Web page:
- If You Connect IT, Protect IT.Whether it’s your computer, smartphone, game device, or other network devices, the best defense against viruses and malware is to update to the latest security software, web browser, and operating systems. Sign up for automatic updates, if you can, and protect your devices with anti-virus software.
- Never click and tell.Limit what information you post on social media—from personal addresses to where you like to grab coffee. What many people don’t realize is that these seemingly random details are all that criminals need to know to target you, your loved ones, and your physical belongings—online and in the real world. Keep Social Security numbers, account numbers, and passwords private, as well as specific information about yourself, such as your full name, address, birthday, and even vacation plans. Disable location services that allow anyone to see where you are—and where you aren’t—at any given time.
- Speak up if you’re uncomfortable.If a friend posts something about you that makes you uncomfortable or you think is inappropriate, let them know. Likewise, stay open-minded if a friend approaches you because something you’ve posted makes them uncomfortable. People have different tolerances for how much the world knows about them, and it is important to respect those differences. Don’t hesitate to report any instance of cyberbullying you see.
- Report suspicious or harassing activity.Work with your social media platform to report and possibly block harassing users. Report an incident if you’ve been a victim of cybercrime. Local and national authorities are ready to help you.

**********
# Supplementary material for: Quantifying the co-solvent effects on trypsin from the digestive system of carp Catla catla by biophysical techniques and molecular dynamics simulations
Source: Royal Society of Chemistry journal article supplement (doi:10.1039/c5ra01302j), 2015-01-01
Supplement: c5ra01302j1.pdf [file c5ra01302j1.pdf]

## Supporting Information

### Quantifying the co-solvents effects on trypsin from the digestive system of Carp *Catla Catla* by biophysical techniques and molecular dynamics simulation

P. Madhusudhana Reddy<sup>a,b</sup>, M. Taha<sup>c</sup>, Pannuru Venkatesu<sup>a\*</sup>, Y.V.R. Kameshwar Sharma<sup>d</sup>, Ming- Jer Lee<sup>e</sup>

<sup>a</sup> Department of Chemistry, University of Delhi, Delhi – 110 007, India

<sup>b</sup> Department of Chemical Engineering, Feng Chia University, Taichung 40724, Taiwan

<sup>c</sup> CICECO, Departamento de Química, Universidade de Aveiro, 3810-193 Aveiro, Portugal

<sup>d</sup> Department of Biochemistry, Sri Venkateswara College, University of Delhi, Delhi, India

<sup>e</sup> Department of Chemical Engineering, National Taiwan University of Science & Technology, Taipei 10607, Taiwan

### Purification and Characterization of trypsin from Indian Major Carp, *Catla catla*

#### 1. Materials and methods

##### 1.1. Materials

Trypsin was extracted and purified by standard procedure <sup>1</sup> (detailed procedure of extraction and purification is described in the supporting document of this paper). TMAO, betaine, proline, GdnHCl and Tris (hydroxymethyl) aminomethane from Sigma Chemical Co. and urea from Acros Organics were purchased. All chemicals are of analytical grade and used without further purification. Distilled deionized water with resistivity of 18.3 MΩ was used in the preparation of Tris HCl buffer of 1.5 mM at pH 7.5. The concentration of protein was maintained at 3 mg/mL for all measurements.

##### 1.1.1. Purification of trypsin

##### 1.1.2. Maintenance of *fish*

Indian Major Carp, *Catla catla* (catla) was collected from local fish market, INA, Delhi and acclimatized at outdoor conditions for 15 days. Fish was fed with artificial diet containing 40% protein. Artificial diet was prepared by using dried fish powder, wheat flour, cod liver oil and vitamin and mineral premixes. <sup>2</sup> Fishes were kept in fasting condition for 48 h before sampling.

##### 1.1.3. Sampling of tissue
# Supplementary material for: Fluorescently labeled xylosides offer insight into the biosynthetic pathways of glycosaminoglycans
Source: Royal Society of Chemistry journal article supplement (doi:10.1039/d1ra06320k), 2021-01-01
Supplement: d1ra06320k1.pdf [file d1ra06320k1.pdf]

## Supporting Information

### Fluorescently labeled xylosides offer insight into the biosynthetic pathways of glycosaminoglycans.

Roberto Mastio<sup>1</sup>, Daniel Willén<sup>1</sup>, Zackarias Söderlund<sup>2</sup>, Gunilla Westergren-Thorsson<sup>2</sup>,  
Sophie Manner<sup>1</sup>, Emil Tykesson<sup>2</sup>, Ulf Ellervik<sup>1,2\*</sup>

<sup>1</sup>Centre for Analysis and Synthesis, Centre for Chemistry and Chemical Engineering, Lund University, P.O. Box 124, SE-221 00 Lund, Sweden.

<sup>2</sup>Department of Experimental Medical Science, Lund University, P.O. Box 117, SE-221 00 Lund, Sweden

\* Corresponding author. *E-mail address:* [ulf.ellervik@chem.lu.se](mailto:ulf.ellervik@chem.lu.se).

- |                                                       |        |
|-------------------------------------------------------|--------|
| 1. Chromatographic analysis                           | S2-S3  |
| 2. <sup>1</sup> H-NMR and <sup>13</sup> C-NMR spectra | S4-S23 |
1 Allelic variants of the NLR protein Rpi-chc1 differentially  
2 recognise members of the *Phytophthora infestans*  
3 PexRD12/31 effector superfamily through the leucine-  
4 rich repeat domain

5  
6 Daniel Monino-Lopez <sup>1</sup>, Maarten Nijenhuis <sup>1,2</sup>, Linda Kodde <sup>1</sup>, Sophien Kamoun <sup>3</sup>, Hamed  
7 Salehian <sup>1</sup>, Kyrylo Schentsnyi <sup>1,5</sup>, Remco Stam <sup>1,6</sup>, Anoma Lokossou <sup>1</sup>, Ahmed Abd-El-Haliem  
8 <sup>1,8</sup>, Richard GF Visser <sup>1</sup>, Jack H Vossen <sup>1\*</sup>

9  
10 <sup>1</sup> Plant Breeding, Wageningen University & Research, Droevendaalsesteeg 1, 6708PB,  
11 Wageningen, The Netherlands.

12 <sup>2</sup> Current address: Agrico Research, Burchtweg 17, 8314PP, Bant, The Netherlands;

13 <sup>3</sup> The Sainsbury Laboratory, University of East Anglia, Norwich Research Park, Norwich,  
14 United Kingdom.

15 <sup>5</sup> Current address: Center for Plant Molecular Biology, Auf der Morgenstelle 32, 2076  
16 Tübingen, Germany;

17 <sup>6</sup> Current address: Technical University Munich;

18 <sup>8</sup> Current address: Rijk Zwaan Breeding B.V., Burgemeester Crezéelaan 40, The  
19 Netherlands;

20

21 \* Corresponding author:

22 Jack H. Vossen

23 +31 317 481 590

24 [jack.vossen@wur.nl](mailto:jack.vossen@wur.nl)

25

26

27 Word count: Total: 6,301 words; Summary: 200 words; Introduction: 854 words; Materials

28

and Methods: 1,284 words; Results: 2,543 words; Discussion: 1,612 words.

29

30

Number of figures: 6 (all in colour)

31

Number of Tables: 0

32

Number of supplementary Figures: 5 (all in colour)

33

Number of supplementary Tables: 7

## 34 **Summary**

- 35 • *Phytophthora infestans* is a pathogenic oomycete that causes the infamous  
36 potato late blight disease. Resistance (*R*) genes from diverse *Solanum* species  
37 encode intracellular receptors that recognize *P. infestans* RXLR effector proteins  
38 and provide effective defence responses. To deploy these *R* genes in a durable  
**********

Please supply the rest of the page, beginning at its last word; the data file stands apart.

- Remember, there is no ‘Delete’ button on the Internet.Share with care, because even if you delete a post or picture from your profile seconds after posting it, chances are someone still saw it.
- Update your privacy settings.Set the privacy and security settings to your comfort level for information sharing. Disable geotagging, which allows anyone to see where you are—and where you aren’t—at any given time.
- Connect only with people you trust. While some social networks might seem safer for connecting because of the limited personal information shared through them, keep your connections to people you know and trust.
- Kemp, Simon. “Half a Billion Users Joined Social in the Last Year” Hootsuite July 22, 2021. https://blog.hootsuite.com/simon-kemp-social-media/
- Yik Yak: How can students be safe while using Yik Yak?
- TikTok: 4 ways TikTok is dangerous to Personal Privacy and Security
- Instagram: What are the dangers of Instagram?